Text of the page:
Caste is the most dominant single aspect of Indian society and no study of Indian society can be complete without getting into the ramifications of the Hindu caste system. Caste and Race in India, since its first publication in History of Civilization series, edited by C K. Ogden in 1932, has remained a basic work for students of Indian sociology and anthropology, and has been acclaimed by teachers and reviewers as a sociological classic.
The present edition is an expanded version with five new chapters, comprehensive enough for a separate volume. Answering his critics, the author elaborates his arguments on the evolution of sub- castes and examines caste, sub-caste and kinship in its proper perspective.
The relationship between caste and politics, which he had briefly dealt with in the 1932 edition, is developed in the present edition, with a provocative and thorough-going analysis of caste and politics in Tamil Nadu from early times to the present day.
The concluding chapter is an incisive analysis of contemporary india the author apprehends that India will develop into a plural society and not a casteless one which was the dream of the architects of her Constitution.
Govind Sada Shiv Ghurye was professor Emeritus, University of Bombay. A brilliant scholar in Sanskrit, Indology, Anthropology and History, his in valuable and original contributions to the sociological literature on a wide range of subjects both Indian and foreign, are based on profound scholarship, painstaking research and lucid analysis. Apart from his important contributions to Indian sociology he has initiated and trained a number of front ranking sociologists in India. He has rightly earned a place with world famous social scientists like Rivers, Morgan and Maine.
This is the fifth edition of the book Caste and Race in India published in 1932 in C. K. Ogden’s History of Civilization Series. It has been possible for me, while engaged on this edition, to measure up an amount of material made available during the past thirty years and more touching on three aspects of the institution. Two of them were left untouched then for lack of data which could enable one to pronounce an opinion with some degree of confidence and fair amount of logic. They are now dealt with for the first time in Chapters eight and nine.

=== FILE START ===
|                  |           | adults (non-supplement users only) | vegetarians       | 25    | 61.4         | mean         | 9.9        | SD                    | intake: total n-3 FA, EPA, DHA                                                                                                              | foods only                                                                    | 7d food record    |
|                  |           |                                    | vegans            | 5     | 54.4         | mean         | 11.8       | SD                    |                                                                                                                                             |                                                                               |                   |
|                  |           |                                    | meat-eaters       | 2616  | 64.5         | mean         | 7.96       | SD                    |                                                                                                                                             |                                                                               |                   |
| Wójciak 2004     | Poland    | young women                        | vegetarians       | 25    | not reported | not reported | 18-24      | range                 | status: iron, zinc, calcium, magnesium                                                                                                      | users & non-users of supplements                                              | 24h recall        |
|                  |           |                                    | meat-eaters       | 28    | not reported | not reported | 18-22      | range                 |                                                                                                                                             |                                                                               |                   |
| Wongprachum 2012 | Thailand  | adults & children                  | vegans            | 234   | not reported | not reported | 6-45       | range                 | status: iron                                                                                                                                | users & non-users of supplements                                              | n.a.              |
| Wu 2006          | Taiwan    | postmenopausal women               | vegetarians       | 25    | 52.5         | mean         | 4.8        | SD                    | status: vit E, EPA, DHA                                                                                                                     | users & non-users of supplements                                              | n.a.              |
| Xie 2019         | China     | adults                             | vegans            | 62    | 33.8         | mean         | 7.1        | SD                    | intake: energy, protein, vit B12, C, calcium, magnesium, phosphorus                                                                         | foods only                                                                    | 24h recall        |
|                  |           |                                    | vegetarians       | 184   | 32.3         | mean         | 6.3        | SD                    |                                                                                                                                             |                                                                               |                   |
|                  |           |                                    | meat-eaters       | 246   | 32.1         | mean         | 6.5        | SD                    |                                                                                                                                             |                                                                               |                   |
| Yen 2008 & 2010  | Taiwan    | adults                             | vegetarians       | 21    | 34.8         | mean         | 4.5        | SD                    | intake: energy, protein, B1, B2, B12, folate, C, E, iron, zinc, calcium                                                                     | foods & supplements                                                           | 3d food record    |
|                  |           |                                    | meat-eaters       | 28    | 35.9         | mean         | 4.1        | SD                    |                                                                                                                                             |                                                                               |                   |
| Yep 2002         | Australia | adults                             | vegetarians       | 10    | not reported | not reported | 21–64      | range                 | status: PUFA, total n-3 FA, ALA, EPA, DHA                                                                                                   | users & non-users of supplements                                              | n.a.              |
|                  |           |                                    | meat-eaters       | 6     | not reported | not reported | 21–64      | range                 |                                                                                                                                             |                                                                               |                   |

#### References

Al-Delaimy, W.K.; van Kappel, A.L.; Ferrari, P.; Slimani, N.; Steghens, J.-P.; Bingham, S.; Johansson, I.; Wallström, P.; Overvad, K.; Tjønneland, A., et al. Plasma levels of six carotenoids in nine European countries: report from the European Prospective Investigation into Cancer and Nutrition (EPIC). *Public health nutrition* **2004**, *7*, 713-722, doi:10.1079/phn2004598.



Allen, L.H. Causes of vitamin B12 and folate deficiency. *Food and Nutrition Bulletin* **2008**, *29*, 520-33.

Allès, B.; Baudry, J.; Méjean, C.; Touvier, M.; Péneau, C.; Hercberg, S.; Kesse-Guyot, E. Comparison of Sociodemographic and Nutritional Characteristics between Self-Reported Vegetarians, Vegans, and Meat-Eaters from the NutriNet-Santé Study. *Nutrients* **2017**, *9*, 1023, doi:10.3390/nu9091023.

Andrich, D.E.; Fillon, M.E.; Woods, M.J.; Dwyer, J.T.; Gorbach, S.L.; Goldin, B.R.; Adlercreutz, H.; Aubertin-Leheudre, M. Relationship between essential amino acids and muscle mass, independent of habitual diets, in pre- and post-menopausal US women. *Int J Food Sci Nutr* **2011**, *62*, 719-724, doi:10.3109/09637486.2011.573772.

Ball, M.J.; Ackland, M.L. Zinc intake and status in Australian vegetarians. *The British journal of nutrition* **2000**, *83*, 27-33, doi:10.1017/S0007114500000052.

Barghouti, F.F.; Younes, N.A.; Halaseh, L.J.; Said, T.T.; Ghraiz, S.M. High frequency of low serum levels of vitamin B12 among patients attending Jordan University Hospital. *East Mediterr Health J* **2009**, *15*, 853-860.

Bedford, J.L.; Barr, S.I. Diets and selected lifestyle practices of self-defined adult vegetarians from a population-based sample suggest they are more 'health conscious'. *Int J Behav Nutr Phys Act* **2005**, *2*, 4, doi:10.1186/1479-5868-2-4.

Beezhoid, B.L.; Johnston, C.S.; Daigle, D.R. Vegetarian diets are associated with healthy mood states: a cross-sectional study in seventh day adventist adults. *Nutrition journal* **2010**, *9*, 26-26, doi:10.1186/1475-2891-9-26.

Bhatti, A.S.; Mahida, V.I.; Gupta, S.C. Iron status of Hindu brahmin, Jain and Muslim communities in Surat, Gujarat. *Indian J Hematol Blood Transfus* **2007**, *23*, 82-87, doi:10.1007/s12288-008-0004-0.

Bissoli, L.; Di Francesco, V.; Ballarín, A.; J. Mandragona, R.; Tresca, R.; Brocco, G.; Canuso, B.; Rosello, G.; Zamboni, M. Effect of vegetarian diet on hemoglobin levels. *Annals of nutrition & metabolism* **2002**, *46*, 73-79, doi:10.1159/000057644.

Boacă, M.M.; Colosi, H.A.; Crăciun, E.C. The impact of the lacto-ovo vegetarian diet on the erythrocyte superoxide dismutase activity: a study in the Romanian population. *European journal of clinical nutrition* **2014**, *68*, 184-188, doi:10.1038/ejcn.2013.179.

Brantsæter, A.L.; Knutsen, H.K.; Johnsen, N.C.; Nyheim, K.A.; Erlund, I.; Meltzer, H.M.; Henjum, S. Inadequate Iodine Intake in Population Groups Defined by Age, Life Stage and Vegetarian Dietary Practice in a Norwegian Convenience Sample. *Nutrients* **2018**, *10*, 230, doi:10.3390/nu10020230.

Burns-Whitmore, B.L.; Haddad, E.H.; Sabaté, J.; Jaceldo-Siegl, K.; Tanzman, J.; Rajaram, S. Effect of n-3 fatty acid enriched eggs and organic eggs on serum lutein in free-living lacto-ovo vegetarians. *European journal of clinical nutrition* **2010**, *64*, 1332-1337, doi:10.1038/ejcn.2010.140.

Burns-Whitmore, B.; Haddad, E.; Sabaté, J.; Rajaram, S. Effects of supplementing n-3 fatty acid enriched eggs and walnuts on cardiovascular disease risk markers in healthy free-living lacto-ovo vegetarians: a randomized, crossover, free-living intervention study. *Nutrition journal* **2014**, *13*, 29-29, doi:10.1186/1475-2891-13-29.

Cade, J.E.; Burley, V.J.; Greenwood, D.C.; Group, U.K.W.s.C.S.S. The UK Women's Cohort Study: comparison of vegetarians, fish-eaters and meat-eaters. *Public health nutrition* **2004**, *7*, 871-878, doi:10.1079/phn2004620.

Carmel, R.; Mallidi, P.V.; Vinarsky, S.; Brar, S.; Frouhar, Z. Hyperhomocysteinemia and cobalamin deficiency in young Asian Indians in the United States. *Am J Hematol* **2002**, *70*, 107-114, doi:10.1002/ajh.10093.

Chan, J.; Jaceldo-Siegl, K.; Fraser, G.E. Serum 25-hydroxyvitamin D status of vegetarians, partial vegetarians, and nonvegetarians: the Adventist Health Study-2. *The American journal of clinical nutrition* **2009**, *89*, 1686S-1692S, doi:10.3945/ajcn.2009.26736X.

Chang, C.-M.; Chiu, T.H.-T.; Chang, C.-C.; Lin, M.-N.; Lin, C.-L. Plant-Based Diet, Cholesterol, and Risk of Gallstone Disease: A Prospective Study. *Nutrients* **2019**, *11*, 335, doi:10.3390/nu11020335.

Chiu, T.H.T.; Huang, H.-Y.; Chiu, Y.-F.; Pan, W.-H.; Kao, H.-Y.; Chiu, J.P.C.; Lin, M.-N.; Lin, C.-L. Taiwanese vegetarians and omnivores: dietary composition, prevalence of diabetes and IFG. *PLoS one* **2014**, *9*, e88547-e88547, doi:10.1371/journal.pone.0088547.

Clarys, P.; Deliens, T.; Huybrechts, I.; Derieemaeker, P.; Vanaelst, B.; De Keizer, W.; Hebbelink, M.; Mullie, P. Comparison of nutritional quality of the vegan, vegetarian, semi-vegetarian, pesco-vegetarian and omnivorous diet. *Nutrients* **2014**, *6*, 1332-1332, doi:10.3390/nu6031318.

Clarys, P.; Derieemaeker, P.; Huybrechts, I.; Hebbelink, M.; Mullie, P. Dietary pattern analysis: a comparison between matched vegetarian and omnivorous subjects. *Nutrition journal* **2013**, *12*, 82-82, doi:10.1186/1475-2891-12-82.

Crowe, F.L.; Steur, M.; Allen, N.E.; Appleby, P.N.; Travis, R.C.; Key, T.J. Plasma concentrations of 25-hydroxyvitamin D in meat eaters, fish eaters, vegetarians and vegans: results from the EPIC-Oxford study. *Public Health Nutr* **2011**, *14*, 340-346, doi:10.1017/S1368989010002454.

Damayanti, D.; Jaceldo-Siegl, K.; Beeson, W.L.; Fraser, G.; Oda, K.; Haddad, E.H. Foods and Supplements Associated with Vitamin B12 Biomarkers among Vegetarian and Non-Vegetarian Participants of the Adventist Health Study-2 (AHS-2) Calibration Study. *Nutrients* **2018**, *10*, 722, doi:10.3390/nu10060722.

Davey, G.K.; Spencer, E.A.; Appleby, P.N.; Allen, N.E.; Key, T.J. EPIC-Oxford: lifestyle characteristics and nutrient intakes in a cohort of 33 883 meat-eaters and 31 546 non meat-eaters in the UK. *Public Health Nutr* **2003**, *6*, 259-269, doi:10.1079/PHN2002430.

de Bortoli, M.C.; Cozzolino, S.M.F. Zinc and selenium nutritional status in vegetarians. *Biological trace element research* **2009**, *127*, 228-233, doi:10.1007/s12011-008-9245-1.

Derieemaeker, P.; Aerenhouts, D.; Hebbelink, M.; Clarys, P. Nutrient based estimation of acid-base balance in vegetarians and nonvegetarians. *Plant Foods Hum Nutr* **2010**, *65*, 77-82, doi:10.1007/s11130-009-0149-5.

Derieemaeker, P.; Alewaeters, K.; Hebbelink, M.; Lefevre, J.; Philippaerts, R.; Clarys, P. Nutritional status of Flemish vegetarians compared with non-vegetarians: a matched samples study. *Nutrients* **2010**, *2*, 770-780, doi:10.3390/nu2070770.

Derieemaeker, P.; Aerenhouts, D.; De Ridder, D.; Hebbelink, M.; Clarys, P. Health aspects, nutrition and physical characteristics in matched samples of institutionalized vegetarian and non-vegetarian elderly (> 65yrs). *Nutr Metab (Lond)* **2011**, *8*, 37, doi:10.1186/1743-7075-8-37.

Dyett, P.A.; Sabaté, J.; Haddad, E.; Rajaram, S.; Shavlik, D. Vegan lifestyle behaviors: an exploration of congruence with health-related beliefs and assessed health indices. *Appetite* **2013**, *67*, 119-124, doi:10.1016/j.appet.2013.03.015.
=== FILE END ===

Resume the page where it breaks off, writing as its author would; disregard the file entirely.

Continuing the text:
The third aspect, that of political development of the institution was touched upon thirty-six years ago for the first time in this book but was positively ignored by the critical public of the day. Slowly but surely during the last two decades, however, students of caste have been forced into the study of this aspect. This development and the political aspect of caste in Tamil Nadu, which has clamoured for special notice during the last two decades, are laid out in Chapters twelve and thirteen. As they were more or less ready in September-October 1967, they came in handy for me when on 14th October, 1967 I had to inaugurate the Conference of Indian Sociologists in Bombay. Their substance was made known then through the observations I made by way of inaugurating the Conference.
“History has to be rewritten because History is the selection of those threads of causes or antecedents that we are interested in—and the interest changes in fifty years,” observed the great American Jurist, Oliver Wendell Holmes (Holmes-Laski Correspondence). I have endeavoured to recast the book with that end in view. Successful performance of the task imposes the duty of projecting into the future, which I have attempted to accomplish in the last Chapter. Questioning its appropriate heading I have invited the reader to decide whether the trend is not towards a ‘Plural Society’ whose central operative will is distracted by sectional selfish appropriations and raucous demands!
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